Objectives: To quantify the extent to which adults with chronic health conditions or impairments in Great Britain experience barriers to accessing health services in comparison to adults without impairments.
Study design: Secondary analysis of cross-sectional population-based survey data from the Life Opportunities Survey.
Methods: The Life Opportunities Survey interviewed a nationally representative sample of 37,513 individuals age 16 or older from 19,951 households. A subset of questions addressed disability status, health conditions and impairments, and participation restrictions in accessing public services. Simple bivariate and multivariate logistic regression (controlling for age, gender, and ethnicity) analyses were undertaken to estimate the risk that specific condition/impairment types were associated with barriers to accessing health care.
Results: Individuals with chronic health conditions or impairments were significantly more likely to report difficulties accessing health care services. Additionally, individuals in each condition/impairment group had significantly higher odds of experiencing a variety of barriers, including discrimination by healthcare staff, inexperienced or unhelpful staff, lack of help with communication, lack of information, problems with transportation, difficulty getting into buildings, difficulty using facilities, and lack of confidence or anxiety.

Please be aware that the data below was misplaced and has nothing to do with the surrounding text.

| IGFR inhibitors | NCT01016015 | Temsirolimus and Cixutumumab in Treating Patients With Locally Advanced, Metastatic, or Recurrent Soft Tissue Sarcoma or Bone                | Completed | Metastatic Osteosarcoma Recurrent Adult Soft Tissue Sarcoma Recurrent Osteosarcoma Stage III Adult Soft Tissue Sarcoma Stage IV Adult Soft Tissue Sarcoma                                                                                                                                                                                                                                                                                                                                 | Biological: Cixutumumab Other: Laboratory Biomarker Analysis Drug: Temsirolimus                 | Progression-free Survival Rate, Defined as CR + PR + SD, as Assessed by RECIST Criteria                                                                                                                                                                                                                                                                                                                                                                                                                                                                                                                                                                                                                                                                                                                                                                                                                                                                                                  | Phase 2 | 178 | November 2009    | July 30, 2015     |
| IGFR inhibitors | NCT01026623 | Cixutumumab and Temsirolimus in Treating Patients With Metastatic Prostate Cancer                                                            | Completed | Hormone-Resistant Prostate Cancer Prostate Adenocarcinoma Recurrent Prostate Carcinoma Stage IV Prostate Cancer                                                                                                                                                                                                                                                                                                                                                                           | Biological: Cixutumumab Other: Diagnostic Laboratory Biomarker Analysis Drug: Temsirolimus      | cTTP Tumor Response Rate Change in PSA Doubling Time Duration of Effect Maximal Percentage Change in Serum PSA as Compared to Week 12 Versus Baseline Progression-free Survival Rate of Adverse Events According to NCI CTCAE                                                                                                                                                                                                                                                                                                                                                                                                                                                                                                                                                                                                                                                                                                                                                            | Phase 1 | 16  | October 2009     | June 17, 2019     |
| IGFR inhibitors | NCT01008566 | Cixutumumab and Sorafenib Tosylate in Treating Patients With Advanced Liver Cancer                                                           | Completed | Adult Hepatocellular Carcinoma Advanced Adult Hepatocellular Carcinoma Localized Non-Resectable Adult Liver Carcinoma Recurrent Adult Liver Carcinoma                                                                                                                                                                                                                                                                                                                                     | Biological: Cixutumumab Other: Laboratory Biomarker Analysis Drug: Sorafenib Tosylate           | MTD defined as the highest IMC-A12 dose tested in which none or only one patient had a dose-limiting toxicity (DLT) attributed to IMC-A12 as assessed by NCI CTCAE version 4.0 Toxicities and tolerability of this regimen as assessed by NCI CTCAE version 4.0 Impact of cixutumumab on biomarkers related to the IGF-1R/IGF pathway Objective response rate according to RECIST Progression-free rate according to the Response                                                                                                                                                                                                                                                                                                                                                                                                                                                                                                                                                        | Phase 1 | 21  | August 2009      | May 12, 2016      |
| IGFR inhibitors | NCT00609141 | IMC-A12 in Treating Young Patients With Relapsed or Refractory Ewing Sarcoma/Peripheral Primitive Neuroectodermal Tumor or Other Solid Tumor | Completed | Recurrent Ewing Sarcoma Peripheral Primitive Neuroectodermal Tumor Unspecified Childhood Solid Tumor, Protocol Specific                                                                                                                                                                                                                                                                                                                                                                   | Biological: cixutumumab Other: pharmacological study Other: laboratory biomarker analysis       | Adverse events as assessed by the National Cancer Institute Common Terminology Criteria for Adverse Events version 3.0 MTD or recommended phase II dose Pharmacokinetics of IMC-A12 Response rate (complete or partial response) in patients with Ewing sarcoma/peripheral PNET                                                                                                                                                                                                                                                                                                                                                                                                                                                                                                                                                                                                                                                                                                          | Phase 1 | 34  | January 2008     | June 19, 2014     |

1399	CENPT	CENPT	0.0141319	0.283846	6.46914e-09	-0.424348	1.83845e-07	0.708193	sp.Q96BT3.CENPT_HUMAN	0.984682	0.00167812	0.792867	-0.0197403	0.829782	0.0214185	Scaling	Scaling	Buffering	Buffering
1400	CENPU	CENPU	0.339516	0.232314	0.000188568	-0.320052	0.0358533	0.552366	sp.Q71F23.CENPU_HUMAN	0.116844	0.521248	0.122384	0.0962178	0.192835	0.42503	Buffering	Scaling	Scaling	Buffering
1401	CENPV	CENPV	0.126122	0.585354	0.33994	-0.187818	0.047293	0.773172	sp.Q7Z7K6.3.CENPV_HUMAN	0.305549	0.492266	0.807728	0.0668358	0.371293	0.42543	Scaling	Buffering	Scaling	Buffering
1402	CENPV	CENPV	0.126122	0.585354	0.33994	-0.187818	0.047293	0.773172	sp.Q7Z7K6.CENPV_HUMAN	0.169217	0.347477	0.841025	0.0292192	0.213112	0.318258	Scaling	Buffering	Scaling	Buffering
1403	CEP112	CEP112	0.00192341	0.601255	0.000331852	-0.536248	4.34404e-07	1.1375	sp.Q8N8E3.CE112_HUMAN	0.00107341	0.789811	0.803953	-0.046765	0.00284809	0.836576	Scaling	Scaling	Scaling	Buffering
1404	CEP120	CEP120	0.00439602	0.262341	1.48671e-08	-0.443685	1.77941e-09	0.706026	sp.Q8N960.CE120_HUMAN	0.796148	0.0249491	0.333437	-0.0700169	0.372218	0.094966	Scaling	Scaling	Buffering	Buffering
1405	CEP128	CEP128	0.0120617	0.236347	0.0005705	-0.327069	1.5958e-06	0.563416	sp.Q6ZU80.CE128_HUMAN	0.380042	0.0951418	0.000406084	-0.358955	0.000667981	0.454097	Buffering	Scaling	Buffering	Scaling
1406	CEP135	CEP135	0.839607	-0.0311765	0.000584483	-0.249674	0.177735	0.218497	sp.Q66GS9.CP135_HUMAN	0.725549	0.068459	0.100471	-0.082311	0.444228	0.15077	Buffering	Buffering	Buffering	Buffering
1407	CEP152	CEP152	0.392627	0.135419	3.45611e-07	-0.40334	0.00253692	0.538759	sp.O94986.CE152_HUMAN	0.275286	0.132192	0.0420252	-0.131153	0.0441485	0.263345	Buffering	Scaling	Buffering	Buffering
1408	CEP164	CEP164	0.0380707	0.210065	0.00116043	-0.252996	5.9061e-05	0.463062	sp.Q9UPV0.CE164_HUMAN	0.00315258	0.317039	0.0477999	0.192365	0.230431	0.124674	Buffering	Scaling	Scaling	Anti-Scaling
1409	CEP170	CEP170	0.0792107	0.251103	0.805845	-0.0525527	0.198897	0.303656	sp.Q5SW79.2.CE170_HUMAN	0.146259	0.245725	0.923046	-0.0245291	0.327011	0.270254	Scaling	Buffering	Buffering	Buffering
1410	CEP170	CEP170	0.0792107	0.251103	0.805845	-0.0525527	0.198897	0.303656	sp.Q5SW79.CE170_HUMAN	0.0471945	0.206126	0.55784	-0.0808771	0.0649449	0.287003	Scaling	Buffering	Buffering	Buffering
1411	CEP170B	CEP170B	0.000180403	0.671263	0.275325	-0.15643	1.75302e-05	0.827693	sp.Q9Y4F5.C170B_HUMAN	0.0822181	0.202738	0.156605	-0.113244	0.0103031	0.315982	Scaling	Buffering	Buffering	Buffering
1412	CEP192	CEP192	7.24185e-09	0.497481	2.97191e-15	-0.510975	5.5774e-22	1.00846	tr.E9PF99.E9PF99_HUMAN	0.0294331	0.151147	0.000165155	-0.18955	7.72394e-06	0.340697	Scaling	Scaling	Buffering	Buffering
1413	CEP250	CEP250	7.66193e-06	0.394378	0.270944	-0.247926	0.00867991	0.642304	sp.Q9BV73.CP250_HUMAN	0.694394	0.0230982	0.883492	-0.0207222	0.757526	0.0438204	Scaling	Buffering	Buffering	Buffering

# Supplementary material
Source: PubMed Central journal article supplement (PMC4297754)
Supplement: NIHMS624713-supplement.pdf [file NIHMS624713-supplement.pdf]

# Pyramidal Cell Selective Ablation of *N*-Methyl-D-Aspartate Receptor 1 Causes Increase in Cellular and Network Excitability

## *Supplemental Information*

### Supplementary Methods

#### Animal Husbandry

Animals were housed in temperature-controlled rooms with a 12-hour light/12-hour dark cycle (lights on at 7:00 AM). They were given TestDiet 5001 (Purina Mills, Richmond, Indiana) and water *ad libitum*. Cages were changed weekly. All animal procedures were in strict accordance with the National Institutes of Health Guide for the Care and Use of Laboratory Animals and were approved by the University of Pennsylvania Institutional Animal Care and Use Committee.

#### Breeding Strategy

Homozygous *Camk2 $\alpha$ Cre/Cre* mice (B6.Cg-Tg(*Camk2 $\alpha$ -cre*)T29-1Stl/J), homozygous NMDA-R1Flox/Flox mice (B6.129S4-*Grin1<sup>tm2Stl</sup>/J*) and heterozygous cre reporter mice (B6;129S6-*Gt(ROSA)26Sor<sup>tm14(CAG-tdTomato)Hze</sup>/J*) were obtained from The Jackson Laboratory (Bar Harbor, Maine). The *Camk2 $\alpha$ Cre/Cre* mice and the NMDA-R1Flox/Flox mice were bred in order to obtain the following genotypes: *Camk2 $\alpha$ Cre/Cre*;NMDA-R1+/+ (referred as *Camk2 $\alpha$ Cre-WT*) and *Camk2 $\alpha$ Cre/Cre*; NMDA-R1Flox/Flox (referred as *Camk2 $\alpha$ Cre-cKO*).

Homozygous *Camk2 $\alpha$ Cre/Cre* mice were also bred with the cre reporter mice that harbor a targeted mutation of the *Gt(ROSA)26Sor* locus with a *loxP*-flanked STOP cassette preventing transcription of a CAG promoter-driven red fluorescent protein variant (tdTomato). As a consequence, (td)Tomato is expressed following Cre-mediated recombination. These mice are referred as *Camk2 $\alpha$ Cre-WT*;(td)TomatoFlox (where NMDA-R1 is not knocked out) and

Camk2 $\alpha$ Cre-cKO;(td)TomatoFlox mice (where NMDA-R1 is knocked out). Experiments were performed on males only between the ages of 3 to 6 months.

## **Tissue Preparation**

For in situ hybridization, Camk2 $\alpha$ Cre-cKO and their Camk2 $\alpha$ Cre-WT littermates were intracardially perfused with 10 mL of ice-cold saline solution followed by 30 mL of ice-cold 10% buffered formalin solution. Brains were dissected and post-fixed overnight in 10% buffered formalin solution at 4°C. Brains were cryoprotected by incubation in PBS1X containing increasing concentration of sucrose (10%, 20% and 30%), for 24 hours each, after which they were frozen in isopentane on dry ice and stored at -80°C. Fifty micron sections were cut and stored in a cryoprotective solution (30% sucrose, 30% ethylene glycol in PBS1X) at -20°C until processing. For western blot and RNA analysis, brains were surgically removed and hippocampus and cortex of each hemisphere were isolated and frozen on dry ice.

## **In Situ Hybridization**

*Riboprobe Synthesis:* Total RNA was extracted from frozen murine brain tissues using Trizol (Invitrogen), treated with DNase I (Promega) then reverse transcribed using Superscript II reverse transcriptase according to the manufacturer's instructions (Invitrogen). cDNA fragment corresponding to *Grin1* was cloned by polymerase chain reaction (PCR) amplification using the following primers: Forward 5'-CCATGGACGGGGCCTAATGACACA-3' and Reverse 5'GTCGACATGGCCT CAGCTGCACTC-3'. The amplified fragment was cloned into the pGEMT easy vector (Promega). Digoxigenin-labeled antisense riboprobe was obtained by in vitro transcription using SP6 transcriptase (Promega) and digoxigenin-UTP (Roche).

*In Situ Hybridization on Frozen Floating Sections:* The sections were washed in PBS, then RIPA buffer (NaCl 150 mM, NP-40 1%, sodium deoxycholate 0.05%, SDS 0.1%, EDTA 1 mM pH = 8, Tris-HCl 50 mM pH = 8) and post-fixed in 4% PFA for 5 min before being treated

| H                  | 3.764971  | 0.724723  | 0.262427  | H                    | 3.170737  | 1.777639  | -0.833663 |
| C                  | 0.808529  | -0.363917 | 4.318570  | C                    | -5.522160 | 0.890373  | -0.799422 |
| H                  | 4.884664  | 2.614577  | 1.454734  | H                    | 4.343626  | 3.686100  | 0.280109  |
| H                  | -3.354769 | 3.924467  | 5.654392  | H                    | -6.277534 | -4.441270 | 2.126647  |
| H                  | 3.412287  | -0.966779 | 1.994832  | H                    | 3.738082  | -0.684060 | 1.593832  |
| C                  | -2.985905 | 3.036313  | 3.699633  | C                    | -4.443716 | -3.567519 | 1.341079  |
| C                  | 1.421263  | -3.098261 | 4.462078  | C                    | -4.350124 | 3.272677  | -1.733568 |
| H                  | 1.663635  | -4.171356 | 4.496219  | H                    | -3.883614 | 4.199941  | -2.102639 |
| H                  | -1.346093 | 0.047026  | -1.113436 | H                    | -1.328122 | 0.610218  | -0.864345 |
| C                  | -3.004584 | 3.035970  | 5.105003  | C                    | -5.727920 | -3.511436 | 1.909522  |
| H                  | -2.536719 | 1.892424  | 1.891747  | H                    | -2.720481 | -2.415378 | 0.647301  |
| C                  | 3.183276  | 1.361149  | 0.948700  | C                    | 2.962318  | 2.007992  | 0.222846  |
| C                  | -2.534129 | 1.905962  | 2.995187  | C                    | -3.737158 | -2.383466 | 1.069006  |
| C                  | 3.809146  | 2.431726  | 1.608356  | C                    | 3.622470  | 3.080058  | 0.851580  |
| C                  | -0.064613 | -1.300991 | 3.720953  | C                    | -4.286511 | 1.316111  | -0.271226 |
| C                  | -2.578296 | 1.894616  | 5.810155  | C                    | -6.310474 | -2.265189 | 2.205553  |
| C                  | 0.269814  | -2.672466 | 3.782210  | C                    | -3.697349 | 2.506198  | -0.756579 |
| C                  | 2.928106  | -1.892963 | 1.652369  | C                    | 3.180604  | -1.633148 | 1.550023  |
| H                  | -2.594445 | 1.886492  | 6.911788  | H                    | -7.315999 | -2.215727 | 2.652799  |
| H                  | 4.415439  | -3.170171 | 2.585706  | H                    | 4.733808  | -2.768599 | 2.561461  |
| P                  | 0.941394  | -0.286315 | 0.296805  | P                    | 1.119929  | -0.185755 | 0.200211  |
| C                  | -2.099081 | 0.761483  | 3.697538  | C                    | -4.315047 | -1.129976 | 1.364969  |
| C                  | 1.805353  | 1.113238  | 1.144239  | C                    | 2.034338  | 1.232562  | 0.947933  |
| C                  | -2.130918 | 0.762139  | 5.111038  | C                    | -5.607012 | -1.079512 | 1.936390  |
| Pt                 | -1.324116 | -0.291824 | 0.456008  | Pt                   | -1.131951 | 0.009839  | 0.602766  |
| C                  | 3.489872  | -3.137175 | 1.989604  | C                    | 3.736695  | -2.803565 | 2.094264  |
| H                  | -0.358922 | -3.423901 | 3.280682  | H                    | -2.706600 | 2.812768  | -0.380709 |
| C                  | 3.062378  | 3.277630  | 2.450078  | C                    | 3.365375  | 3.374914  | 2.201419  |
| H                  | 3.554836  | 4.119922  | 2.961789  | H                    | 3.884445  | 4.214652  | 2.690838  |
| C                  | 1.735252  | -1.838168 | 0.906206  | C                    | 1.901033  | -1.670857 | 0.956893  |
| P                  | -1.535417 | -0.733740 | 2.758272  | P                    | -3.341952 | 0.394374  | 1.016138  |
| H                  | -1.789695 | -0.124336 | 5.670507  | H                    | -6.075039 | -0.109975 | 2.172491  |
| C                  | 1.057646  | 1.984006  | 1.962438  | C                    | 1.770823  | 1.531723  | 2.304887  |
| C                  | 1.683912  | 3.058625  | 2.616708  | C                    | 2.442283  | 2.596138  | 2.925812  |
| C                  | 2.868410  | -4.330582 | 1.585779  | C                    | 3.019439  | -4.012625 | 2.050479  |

Conclusions: Individuals with chronic health conditions or impairments are significantly more likely than their non-impaired peers to experience barriers in accessing health care. These barriers are likely to exacerbate disability and may increase the likelihood of developing additional preventable health conditions. As a result, they may contribute towards the health inequalities experienced by disabled people. The existence of these barriers also suggests that health care provision in Great Britain is failing to meet its statutory requirement to provide 'reasonable adjustments' to ensure equality of access for disabled adults.
Copyright © 2012 The Royal Society for Public Health. All rights reserved.